Seventeen years ago, Sepha Stephanos fled the Ethiopian Revolution for a new start in the United States. Now he finds himself running a failing grocery store in a poor African-American section of Washington, D.C., his only companions two fellow African immigrants who share his bitter nostalgia and longing for his home continent. Years ago and worlds away Sepha could never have imagined a life of such isolation. As his environment begins to change, hope comes in the form of a friendship with new neighbors Judith and Naomi, a white woman and her biracial daughter. But when a series of racial incidents disturbs the community, Sepha may lose everything all over again.
Watch a QuickTime interview with Dinaw Mengestu about this book.
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Dinaw Mengestu was born in Addis Ababa, Ethiopia, in 1978. He is the recipient of a MacArthur Fellowship, a fellowship in fiction from the New York Foundation for the Arts and a Lannan Literary Fellowship, and was named a “20 under 40” writer to watch by The New Yorker. Mengestu’s writing has appeared in The New Yorker, Rolling Stone, Harper’s, Granta, and other publications. He lives with his family in Washington, D.C.Review:
Ethiopian escapes genocide, makes new life in Washington
For anyone who's caught the gaze of a foreign-born waiter or cabdriver and wished for a deeper understanding of his half-glimpsed life, reading fiction is one way to crack open the dusty window that often separates us. It's all the more intriguing when the writer is as observant as 29-year-old Dinaw Mengestu, who immigrated to America in 1980, after his family fled Ethiopia's genocidal Red Terror. His haunting and powerful first novel, "The Beautiful Things That Heaven Bears," is one of the first to give voice to that experience.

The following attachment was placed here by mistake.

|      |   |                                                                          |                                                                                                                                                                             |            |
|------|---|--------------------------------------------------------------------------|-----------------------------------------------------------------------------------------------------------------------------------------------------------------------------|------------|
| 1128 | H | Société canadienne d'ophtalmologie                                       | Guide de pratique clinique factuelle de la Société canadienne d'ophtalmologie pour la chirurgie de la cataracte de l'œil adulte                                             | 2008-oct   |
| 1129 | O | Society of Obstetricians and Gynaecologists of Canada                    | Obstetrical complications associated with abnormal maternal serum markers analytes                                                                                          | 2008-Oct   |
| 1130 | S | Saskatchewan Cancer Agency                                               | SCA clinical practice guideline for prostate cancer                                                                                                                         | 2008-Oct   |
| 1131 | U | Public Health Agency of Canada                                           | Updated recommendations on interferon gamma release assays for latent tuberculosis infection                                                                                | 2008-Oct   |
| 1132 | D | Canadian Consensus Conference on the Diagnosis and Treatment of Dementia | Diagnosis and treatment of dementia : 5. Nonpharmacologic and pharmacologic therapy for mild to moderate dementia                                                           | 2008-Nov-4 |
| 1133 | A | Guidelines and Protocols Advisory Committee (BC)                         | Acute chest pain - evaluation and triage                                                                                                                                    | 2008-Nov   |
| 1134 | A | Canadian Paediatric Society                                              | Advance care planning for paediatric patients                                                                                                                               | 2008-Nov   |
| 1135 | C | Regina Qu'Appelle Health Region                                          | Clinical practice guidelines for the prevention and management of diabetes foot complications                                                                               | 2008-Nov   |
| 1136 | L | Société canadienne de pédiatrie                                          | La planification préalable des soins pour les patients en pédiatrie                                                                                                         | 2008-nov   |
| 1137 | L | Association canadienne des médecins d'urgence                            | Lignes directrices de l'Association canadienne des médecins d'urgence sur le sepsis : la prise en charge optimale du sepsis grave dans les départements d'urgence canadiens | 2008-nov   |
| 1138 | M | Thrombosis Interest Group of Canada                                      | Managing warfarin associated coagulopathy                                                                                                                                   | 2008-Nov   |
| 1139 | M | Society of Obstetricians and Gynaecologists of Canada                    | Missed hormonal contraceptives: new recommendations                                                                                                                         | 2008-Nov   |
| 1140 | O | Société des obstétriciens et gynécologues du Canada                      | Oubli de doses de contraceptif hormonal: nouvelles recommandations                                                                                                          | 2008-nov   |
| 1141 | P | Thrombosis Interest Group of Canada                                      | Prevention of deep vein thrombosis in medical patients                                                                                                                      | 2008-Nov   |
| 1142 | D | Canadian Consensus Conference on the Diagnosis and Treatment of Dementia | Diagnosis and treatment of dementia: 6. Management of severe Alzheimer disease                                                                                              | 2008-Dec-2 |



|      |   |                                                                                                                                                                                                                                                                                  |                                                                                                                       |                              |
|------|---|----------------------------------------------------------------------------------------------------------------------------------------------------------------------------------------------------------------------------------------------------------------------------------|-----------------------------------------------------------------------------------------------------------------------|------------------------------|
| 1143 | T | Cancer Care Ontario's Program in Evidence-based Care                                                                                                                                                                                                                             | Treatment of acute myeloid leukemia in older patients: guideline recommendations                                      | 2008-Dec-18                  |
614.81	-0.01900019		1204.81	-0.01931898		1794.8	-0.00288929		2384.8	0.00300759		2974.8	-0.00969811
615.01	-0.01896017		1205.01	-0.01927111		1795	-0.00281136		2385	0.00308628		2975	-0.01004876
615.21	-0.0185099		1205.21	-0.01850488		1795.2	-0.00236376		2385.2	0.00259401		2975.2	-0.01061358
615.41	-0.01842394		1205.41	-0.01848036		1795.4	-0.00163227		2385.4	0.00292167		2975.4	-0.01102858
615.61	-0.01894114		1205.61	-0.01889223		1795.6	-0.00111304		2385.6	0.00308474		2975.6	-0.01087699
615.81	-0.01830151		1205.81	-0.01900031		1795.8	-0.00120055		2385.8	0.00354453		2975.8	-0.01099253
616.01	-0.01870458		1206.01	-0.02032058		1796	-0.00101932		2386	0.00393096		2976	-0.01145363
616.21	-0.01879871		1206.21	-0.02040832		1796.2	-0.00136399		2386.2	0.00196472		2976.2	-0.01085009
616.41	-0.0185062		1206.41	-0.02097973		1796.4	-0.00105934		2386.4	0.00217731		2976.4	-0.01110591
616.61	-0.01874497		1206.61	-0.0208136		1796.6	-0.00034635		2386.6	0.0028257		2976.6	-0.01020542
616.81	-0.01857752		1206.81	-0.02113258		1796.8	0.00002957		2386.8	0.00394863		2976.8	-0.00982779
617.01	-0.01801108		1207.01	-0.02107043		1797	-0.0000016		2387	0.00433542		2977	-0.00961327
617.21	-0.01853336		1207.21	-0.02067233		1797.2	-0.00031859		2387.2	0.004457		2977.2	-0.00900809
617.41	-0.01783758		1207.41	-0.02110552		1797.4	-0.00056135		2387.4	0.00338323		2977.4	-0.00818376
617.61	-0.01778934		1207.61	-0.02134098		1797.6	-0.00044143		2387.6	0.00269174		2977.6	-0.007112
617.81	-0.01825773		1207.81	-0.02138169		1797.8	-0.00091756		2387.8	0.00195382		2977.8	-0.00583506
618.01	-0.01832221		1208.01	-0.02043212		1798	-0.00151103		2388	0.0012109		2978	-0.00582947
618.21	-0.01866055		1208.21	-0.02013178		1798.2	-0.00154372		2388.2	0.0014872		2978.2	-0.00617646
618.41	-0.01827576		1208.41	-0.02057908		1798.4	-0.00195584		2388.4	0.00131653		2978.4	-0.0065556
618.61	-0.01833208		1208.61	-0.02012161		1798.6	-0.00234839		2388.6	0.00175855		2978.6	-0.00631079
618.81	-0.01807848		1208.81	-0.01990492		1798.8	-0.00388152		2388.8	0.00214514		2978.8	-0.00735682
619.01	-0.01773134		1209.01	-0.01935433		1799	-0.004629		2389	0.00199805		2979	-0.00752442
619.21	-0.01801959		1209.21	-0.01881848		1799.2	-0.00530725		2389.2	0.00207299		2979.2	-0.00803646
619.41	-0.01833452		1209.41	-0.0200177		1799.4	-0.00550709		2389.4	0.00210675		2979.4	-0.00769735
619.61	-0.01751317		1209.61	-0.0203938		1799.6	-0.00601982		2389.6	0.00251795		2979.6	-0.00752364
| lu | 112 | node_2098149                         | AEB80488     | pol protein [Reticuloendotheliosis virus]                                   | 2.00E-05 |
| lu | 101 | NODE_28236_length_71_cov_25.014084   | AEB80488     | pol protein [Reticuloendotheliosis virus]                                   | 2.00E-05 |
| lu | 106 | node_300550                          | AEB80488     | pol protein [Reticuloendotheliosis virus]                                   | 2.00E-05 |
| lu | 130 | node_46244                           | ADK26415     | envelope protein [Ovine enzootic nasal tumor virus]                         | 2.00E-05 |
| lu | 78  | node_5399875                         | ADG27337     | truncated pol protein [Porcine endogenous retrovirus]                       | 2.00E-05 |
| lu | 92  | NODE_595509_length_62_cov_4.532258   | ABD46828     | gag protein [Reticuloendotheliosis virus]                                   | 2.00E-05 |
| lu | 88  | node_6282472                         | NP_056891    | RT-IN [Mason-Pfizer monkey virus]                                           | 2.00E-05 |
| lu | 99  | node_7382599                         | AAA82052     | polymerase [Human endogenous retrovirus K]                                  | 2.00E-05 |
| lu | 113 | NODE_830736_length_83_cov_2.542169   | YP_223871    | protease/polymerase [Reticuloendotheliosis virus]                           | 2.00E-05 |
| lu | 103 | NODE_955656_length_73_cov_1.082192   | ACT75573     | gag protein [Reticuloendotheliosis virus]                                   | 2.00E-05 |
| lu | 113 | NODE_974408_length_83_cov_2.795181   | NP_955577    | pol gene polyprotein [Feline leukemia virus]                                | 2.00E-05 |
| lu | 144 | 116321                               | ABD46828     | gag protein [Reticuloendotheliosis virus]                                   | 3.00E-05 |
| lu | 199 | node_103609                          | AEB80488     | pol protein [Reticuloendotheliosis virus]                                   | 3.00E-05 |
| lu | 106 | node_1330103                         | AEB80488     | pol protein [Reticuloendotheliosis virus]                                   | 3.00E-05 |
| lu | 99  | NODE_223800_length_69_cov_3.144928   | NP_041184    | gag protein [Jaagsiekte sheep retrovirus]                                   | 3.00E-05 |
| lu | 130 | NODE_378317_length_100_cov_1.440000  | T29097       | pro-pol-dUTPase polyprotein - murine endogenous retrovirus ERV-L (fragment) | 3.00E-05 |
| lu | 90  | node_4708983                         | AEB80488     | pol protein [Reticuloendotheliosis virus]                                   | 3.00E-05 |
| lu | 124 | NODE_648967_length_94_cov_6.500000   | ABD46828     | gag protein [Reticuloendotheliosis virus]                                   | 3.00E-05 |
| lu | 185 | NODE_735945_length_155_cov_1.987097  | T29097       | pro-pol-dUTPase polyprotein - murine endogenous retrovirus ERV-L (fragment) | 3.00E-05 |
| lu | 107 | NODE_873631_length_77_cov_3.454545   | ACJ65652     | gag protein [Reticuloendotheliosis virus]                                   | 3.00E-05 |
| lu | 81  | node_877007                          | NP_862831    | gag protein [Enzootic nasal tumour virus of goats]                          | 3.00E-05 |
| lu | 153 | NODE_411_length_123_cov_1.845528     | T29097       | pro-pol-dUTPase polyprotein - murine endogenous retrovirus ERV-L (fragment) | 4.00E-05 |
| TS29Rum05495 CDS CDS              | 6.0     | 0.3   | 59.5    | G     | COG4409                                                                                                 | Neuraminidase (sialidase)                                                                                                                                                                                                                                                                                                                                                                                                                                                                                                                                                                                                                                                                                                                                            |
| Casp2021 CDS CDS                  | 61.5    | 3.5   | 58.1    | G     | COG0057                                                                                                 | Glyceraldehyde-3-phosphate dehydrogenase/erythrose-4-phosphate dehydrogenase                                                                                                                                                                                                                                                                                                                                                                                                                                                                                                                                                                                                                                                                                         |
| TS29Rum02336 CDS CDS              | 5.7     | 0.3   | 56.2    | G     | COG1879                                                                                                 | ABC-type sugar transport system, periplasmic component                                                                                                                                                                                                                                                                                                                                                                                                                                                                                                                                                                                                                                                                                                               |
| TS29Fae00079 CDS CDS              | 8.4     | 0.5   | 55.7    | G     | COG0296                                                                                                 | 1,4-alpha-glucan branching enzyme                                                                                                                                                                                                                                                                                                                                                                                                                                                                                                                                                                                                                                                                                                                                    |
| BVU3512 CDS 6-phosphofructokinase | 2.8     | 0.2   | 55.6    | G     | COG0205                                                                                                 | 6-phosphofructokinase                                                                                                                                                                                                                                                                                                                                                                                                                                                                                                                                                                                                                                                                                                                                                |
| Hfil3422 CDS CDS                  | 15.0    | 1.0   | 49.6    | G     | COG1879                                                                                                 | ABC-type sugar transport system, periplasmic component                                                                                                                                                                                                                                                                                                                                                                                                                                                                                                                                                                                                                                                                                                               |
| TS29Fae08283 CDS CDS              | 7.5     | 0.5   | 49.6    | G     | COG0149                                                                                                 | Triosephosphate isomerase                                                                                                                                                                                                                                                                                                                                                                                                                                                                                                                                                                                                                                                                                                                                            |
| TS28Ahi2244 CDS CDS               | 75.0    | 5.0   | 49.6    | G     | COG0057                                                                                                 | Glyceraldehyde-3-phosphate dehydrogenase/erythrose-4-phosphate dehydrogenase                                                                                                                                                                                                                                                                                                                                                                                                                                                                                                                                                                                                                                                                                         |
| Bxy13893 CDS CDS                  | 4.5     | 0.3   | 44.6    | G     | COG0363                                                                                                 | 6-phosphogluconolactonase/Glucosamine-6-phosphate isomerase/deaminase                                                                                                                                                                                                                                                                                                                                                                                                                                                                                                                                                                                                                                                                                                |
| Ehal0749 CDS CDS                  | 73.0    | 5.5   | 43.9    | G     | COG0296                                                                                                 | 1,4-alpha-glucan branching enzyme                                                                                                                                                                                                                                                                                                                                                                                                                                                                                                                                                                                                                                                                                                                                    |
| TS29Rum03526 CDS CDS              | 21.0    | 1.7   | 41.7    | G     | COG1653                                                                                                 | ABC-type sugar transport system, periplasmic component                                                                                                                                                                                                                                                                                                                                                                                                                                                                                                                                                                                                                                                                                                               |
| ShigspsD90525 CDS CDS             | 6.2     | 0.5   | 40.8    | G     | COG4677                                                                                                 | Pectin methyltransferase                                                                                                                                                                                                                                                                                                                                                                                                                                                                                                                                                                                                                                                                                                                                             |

His story centers on 36-year-old Sepha Stephanos, who left his mother and brother in Ethiopia 17 years earlier, after his father was brutalized and escorted to his death by soldiers backing Mengistu Haile Mariam, the Communist dictator who overthrew the senile Haile Selassie.
For the past decade, Stephanos has been quietly reading Dostoyevsky, Dante and Naipaul behind the counter of his convenience store in a run-down Washington, D.C., neighborhood. His evenings are punctuated by visits from Kenneth from Kenya and Joe from Congo that glitter with dark wit. The three, who met years before, when they were valets at a local hotel, now drink shots beneath a 20-year-old map of Africa and play a game that begins when one of them names a dictator; the challenge to the others is to guess the year and country of each coup.
Into this world of suppressed dreams and frustrated memories walks Naomi, an angular 11-year-old know-it-all who, like Stephanos, misses her African father. She starts visiting Stephanos regularly and reads the newspaper with him, stealing his heart as she gravely shakes her head over the failure of American policy in the Middle East and the lack of resources devoted to the global AIDS crisis.